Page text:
Kendo can mean many things to different people. It’s a zen martial art, a competitive sport with world and regional championships and a way to strengthen the mind and body through determined training. Kendo can be practised by children of six or seven and by seniors in their eighties. For these and all the stages in between, kendo offers not just a diversion from everyday life but a way to strengthen your character.

Kendo is not a short cut to satori  or nirvana. Nor is it an imitation of samurai swordsmanship. It is a martial sport descended from the many fencing schools created by the samurai, refined through the competition styles of gekken which were adopted when the carrying of two swords was outlawed and more recently fostered as modern kendo by the All Japan Kendo Federation and its international arm FIK.

Like other martial arts kendo has a grade system, in our case from 6th to 1st kyu and from 1st to 8th dan. There are also 3 character or teaching grades, Renshi, Kyoshi and Hanshi. The highest dan and teaching grades held by a Caucasian are incidentally held by a Mumeishi instructor.

Kendo is equally frustrating and enjoyable. Previous experience of few other sports give the kendo student an advantage. The posture and footwork of other martial arts are very different to kendo as is that of western fencing.  To succeed in kendo, the beginner needs to be prepared to undertake months of basic training. Although it’s satisfying, it’s past this stage when it starts to be fun. Get over the initial hurdles and a whole series of opportunities open, not just to test yourself against others but to set off on a lifelong journey of self-improvement.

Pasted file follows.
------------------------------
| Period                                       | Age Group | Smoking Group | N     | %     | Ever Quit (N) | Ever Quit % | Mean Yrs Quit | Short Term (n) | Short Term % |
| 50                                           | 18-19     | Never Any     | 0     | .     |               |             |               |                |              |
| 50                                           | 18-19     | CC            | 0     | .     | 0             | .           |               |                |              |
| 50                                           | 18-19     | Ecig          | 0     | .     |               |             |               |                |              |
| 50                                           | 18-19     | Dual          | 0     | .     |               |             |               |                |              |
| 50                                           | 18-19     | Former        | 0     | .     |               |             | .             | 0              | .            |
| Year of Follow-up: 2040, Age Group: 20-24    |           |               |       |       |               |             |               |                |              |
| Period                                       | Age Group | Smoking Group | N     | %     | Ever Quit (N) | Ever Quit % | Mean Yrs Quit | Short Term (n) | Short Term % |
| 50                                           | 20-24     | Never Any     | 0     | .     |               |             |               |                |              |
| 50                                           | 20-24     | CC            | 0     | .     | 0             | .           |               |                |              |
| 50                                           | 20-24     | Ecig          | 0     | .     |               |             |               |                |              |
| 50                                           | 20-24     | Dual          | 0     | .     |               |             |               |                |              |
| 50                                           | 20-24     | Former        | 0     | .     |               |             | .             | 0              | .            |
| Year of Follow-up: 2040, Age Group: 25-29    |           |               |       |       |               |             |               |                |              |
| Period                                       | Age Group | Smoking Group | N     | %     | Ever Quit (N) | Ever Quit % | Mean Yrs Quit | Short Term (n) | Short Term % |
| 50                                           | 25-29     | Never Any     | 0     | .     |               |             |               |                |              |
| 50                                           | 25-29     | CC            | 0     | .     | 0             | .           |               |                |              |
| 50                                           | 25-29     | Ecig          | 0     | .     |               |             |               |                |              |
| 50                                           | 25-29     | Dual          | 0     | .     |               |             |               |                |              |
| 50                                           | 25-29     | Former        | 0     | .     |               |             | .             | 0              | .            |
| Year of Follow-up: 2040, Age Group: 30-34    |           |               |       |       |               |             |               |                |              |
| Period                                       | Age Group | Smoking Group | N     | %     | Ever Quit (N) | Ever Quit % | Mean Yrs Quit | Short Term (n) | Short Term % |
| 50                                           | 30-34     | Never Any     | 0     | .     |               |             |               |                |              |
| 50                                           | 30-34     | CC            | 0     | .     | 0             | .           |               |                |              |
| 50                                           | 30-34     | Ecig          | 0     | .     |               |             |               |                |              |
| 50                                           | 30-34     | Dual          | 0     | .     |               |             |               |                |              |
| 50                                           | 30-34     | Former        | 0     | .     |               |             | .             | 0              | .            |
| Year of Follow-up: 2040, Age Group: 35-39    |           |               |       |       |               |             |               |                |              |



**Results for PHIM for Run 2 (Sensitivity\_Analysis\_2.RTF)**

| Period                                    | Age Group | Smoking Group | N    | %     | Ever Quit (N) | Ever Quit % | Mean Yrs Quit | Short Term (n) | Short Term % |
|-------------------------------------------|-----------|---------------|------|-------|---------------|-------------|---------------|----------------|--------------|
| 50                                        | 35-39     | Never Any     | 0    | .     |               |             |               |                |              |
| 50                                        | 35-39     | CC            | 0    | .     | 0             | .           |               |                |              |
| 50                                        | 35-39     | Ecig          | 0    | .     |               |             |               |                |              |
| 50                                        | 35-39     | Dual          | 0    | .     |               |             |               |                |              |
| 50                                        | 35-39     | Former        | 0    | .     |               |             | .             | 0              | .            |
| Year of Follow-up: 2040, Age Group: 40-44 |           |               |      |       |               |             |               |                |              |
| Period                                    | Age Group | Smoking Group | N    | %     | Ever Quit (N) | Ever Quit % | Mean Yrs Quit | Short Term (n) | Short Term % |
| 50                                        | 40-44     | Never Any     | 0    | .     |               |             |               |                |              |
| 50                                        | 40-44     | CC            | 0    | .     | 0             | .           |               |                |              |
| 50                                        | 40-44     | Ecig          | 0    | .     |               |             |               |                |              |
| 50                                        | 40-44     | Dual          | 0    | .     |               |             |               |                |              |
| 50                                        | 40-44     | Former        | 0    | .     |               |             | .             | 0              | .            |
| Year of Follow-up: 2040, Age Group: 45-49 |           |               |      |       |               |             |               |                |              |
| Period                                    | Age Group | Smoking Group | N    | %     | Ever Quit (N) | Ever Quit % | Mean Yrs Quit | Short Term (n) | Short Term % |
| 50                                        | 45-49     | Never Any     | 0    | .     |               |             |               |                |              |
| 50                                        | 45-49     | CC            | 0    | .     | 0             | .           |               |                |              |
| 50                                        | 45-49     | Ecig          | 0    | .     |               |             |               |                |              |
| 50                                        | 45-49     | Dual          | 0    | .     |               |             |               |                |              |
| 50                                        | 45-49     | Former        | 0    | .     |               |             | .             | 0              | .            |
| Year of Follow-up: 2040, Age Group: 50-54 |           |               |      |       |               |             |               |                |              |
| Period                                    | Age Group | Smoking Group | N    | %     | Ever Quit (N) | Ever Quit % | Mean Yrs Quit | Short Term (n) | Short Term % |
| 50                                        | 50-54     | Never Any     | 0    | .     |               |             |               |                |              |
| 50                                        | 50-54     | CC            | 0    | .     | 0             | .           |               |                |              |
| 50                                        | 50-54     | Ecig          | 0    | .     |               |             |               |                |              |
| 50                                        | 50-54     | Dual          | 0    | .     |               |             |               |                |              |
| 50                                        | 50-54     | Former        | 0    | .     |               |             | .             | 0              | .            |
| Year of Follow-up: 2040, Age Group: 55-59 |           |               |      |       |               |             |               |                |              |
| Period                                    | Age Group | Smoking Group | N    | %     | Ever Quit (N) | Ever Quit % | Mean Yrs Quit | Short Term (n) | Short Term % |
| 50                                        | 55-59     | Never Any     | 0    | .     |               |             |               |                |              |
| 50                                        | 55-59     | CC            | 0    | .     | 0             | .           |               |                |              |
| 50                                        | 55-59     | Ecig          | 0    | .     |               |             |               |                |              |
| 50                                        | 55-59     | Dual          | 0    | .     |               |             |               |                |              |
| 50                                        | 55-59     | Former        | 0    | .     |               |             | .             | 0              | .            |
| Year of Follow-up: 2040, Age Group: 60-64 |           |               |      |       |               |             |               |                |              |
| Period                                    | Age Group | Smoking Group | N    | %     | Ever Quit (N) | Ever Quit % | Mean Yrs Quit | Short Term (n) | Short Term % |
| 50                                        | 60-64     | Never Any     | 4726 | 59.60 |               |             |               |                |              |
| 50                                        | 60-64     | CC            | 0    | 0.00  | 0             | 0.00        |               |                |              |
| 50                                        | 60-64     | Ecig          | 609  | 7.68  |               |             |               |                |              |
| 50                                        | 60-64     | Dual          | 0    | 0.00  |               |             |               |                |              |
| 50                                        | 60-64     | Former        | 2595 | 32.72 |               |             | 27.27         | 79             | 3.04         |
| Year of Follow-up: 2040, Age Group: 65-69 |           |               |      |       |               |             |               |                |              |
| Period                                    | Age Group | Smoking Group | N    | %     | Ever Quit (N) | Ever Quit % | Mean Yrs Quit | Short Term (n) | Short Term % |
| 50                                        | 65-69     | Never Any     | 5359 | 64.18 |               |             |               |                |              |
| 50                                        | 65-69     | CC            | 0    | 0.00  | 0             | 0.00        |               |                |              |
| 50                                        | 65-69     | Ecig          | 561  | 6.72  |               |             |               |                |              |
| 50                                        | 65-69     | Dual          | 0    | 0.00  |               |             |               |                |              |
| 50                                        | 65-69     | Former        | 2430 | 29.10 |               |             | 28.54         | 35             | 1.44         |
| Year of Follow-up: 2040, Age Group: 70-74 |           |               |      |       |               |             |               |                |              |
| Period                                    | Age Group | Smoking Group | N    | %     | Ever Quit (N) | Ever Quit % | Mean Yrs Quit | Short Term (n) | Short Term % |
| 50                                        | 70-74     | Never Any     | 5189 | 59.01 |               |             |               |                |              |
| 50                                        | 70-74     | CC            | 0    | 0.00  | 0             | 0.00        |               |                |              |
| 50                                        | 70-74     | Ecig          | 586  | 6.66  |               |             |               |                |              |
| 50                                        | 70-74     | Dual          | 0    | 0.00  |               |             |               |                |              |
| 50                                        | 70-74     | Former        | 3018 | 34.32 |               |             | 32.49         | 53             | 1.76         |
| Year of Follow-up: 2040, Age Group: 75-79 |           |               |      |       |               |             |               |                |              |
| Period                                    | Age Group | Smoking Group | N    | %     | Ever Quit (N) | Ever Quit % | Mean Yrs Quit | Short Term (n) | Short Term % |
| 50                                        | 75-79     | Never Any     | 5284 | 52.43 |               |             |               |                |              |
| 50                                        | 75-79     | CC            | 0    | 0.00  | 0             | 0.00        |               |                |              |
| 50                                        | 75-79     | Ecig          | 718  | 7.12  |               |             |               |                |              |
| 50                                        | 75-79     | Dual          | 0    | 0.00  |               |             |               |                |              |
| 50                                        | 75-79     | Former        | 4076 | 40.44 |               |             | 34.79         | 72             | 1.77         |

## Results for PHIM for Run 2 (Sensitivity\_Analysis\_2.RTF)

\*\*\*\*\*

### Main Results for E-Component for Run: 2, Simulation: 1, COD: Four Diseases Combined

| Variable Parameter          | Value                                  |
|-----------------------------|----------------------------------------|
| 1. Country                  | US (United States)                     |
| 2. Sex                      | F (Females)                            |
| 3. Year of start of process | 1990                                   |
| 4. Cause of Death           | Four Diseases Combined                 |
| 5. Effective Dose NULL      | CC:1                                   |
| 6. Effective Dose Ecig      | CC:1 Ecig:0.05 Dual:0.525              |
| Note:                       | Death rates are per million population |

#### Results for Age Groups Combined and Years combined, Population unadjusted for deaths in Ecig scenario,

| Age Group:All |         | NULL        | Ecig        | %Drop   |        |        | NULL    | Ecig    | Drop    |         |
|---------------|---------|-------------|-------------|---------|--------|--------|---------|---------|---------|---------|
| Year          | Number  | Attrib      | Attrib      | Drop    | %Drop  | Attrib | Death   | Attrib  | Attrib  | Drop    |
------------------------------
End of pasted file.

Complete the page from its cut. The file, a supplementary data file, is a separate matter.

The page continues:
Kendo is predominantly a “not for profit” activity, so there has been no diversification into separate money making schools. Consequently we can take our bogu to any dojo in the country, or the world for that matter and you will be greeted as family. If you are on a short trip you may even find some kind sole who will lend you their armour.

Kendo matches are won on good technique, speed and mental agility. There are no weight classes in kendo and although men’s, women’s and children’s competition are separate. It is common for us all to train together, making an ideal pastime for the whole family. Whilst not strictly aerobic, kendo encourages sustained use of most of the muscle groups, , so if you are looking for an exercise regime that frees your mind from everyday stress, you should try kendo.

Geoff Salmon